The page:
The United States Government is, inevitably, one of the country's biggest advertisers, although its actual expenditure is significantly lower than that of leading commercial companies. In 2017, for example, the US Government was ranked #46 by advertising expenditure, well below the likes of General Motors, Procter & Gamble, McDonalds or Amazon. In this the US varies from many other countries, for example the UK, where the Government has until recently been among the top five advertisers. However the reason is that much public service advertising in the US is privately funded by independent non-profit associations and foundations and produced and distributed "pro bono" - in other words for no cost or fee - by advertising agencies and media companies. Much of this latter work is coordinated by The Ad Council, a body custom-built for exactly that purpose at the beginning of World War II. Lisa Sherman is CEO. In 2019, the Ad Council launched its own inhouse strategic consultancy, Edge, to offer research, strategy development and training to nonprofits, foundations and corporations. Most government departments coordinate their own marketing independently of one another. However, the labyrinthine bureaucratic process has led to several high-profile rows with agencies over spending levels. One of the most contentious has been the US Army's marketing budget, which was the subject of a long row with Leo Burnett in the early 2000s, and then again with McCann in the 2010s. Military departments generally are the most consistent high spenders, primarily for recruitment, along with Health & Human Services.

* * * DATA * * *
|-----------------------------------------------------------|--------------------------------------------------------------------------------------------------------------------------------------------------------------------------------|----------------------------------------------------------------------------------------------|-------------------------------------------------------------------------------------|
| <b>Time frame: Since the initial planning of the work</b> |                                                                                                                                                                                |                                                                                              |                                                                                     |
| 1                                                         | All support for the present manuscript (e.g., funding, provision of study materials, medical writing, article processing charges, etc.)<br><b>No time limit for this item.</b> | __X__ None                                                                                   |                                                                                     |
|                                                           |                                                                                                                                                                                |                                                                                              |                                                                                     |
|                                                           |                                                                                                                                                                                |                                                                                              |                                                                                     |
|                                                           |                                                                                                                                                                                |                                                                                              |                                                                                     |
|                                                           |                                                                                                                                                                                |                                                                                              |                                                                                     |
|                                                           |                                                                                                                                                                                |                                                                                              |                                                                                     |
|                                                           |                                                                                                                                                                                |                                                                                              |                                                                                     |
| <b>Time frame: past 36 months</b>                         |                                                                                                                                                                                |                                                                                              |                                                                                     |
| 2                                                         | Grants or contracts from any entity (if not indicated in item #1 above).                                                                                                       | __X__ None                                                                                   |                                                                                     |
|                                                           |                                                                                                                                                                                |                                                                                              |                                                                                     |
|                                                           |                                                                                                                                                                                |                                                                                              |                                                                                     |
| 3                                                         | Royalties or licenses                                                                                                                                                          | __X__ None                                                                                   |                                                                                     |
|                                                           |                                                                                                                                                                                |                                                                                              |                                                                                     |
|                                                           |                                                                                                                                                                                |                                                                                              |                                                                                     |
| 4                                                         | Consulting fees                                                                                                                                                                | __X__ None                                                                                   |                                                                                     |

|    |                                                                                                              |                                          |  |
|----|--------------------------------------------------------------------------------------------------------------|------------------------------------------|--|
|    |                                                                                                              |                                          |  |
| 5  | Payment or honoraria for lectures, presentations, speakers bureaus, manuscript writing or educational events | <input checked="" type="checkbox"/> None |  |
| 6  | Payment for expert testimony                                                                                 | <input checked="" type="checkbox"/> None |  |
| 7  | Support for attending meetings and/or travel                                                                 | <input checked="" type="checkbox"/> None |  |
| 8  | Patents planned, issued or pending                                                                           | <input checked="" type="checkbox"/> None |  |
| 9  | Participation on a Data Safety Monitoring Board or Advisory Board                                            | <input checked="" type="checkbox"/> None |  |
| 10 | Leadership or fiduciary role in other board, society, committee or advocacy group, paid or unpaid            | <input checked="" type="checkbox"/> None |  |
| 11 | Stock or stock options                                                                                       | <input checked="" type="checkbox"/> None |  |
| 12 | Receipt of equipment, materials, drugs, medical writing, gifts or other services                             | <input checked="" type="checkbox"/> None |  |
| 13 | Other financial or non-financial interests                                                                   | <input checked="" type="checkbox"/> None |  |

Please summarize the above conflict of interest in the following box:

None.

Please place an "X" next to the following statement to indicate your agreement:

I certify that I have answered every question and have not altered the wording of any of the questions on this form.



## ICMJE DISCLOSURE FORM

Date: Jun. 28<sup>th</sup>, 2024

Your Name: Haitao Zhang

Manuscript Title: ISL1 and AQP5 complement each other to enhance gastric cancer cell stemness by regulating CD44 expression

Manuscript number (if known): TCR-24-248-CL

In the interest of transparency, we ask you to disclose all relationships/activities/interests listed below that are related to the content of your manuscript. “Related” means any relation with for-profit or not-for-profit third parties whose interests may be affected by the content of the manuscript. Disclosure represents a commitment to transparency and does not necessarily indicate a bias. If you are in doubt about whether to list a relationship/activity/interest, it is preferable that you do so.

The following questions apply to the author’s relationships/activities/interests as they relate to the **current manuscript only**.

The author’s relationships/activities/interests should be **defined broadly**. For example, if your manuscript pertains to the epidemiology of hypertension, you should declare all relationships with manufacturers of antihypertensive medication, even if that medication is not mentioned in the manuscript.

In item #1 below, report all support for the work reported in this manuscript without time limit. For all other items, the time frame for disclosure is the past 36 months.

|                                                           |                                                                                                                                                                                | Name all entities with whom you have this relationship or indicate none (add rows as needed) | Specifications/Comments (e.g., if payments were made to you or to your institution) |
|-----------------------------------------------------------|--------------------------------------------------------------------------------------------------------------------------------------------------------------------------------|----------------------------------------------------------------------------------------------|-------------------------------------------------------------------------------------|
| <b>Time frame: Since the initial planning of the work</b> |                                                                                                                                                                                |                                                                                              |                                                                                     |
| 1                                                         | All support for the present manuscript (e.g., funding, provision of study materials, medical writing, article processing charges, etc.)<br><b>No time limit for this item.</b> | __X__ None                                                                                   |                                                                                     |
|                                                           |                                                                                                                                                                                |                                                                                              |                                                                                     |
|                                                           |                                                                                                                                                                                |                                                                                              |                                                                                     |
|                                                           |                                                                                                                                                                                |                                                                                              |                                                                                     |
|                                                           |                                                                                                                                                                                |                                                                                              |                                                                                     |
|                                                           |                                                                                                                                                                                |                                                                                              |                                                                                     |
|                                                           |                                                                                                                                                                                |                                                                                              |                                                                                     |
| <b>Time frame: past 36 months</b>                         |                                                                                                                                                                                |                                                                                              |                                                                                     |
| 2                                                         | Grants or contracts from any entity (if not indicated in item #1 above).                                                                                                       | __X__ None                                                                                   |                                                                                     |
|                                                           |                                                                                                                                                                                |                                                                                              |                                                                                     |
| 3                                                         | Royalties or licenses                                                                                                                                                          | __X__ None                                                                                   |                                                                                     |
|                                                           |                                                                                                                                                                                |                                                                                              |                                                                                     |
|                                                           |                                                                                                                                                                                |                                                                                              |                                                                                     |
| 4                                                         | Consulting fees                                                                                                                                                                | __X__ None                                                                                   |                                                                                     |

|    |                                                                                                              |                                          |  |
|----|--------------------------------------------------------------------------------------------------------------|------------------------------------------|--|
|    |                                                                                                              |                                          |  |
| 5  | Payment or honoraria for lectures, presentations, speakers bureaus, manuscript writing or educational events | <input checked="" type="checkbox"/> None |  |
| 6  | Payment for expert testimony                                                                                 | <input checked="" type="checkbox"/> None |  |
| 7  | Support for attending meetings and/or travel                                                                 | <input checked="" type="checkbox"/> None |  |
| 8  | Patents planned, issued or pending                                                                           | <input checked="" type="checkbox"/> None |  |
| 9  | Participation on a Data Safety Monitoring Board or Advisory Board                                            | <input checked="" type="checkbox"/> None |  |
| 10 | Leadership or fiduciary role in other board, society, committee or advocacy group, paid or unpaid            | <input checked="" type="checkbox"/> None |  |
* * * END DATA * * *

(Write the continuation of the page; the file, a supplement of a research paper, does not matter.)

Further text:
Capsule checked 18th June 2019
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